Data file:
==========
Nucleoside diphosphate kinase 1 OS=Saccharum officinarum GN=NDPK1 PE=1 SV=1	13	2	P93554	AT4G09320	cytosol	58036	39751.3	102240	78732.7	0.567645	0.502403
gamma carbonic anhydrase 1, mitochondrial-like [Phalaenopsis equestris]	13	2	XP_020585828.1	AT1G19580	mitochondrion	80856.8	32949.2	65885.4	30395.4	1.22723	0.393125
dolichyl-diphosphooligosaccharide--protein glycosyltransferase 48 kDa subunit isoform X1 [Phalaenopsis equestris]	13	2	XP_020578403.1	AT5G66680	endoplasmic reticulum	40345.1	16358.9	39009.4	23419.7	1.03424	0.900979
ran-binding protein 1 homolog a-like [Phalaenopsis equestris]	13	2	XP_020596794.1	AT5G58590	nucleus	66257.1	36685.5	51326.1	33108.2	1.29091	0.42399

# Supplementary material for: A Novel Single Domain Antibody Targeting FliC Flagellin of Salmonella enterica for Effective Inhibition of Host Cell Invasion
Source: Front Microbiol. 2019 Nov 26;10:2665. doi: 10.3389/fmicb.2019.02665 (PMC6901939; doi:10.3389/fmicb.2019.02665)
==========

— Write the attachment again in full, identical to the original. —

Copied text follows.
Nucleoside diphosphate kinase 1 OS=Saccharum officinarum GN=NDPK1 PE=1 SV=1	13	2	P93554	AT4G09320	cytosol	58036	39751.3	102240	78732.7	0.567645	0.502403
gamma carbonic anhydrase 1, mitochondrial-like [Phalaenopsis equestris]	13	2	XP_020585828.1	AT1G19580	mitochondrion	80856.8	32949.2	65885.4	30395.4	1.22723	0.393125
dolichyl-diphosphooligosaccharide--protein glycosyltransferase 48 kDa subunit isoform X1 [Phalaenopsis equestris]	13	2	XP_020578403.1	AT5G66680	endoplasmic reticulum	40345.1	16358.9	39009.4	23419.7	1.03424	0.900979
ran-binding protein 1 homolog a-like [Phalaenopsis equestris]	13	2	XP_020596794.1	AT5G58590	nucleus	66257.1	36685.5	51326.1	33108.2	1.29091	0.42399

# Supplementary material for: A Novel Single Domain Antibody Targeting FliC Flagellin of Salmonella enterica for Effective Inhibition of Host Cell Invasion
Source: Front Microbiol. 2019 Nov 26;10:2665. doi: 10.3389/fmicb.2019.02665 (PMC6901939; doi:10.3389/fmicb.2019.02665)